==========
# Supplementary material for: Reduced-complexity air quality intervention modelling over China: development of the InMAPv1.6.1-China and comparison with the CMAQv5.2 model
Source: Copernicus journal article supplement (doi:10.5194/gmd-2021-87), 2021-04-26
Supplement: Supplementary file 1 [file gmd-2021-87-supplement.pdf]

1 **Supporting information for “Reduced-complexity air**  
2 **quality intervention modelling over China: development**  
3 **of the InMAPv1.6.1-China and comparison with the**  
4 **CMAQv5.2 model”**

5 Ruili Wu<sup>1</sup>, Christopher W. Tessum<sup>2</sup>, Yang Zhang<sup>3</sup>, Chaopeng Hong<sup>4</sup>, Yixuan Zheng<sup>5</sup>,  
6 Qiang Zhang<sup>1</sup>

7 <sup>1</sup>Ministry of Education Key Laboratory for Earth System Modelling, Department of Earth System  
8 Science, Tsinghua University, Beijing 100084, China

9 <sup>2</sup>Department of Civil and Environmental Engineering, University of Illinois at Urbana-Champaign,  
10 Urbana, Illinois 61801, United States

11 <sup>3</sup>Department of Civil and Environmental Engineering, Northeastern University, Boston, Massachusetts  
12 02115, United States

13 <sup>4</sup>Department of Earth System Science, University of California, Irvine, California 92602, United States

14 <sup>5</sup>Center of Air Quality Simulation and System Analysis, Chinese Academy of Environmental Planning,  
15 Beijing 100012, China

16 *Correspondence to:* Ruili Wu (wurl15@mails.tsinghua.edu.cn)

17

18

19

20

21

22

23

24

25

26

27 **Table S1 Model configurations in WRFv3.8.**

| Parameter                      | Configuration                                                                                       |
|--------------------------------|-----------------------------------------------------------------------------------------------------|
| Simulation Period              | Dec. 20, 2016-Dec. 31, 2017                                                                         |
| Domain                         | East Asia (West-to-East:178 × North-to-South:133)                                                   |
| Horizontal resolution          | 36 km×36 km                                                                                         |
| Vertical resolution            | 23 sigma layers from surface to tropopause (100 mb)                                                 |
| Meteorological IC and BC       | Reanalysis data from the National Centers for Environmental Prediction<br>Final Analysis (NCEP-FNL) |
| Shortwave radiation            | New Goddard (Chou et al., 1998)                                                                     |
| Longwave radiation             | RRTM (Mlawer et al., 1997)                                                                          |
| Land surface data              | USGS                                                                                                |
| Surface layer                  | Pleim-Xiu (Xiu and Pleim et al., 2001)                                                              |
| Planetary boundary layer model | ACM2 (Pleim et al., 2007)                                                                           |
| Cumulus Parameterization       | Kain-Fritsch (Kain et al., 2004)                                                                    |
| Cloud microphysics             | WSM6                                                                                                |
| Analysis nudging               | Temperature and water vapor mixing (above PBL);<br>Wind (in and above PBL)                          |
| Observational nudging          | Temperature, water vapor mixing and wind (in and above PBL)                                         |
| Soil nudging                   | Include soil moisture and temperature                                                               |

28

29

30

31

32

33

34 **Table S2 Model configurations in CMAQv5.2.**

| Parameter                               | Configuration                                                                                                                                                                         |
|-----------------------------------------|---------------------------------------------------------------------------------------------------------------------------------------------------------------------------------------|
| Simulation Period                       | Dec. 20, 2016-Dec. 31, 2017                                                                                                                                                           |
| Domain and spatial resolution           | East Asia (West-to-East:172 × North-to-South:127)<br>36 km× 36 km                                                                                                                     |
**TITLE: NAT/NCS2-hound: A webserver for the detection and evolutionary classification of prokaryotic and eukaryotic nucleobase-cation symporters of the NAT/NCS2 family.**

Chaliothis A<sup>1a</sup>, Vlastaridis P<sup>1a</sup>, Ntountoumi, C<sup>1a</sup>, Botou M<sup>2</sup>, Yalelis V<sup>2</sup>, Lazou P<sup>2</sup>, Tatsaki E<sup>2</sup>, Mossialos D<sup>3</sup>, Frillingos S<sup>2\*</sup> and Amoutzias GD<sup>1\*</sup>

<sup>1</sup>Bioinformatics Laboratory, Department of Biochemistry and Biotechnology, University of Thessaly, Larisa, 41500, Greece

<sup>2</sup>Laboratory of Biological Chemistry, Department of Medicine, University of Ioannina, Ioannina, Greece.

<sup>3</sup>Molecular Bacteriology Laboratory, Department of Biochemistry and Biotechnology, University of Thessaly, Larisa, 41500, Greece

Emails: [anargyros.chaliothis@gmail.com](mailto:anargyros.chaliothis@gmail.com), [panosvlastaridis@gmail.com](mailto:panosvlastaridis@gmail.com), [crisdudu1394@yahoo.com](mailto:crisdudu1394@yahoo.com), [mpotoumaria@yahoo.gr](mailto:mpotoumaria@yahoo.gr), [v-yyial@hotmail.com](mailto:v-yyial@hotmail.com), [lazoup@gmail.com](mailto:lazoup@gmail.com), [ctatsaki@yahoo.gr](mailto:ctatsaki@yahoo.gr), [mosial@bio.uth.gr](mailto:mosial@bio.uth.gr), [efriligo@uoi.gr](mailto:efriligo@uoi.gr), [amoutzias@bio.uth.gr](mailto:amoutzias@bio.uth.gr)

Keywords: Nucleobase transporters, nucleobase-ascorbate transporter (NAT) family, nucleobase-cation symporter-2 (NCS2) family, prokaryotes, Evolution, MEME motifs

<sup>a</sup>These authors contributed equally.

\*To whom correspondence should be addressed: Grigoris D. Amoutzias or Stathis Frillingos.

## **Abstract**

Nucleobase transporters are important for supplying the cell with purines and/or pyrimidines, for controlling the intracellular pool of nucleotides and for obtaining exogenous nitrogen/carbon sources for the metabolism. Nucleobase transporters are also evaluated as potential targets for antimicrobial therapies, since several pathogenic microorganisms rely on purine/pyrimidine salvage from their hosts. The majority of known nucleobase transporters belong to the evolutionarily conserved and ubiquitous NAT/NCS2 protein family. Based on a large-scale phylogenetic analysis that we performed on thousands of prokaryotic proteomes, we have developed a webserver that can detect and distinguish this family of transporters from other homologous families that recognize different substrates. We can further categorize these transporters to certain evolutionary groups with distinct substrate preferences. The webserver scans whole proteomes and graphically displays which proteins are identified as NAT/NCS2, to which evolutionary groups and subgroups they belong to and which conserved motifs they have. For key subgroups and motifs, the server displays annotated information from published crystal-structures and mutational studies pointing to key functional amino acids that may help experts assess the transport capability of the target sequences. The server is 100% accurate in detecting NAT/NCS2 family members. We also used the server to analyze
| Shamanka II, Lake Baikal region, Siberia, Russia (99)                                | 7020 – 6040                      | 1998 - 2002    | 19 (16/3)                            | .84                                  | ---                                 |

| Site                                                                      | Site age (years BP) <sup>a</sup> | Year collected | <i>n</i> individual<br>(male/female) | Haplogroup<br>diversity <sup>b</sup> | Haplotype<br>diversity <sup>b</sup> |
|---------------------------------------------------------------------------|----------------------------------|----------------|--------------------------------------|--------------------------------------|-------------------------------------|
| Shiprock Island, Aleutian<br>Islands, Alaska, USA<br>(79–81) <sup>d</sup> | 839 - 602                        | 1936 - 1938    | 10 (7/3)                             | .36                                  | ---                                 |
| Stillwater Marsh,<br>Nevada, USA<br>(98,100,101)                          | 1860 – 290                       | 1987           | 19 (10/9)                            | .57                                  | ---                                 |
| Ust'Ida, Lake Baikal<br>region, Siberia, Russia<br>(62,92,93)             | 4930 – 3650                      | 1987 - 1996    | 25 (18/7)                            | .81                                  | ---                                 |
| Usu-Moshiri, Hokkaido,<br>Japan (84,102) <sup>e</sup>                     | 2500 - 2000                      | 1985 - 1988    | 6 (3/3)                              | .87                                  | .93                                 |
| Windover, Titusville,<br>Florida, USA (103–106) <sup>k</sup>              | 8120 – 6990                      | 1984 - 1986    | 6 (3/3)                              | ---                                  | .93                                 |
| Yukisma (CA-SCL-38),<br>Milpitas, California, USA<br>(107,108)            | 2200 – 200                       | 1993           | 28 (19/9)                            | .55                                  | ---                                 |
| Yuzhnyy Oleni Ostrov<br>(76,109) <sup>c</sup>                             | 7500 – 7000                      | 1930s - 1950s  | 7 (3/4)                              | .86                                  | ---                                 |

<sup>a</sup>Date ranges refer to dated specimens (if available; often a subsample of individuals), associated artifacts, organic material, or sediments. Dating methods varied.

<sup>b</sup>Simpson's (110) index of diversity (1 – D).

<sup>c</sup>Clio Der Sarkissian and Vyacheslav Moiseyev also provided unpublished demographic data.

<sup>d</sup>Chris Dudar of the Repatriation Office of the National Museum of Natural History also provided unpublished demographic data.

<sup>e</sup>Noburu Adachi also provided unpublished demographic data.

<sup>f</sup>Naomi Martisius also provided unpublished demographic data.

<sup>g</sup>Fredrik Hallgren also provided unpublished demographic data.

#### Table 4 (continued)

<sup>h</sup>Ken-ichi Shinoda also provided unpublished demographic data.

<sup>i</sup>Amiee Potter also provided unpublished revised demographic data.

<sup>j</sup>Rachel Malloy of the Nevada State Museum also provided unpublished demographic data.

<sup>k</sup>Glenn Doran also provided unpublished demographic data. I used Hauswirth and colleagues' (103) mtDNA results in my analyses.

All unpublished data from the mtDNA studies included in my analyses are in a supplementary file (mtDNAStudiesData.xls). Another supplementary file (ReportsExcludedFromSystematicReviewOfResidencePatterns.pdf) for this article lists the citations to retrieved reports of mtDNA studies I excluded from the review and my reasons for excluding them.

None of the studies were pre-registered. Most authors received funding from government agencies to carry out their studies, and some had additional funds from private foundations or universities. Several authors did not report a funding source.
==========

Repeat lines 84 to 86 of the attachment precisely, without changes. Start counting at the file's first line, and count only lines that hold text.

<sup>e</sup>Noburu Adachi also provided unpublished demographic data.

<sup>f</sup>Naomi Martisius also provided unpublished demographic data.

<sup>g</sup>Fredrik Hallgren also provided unpublished demographic data.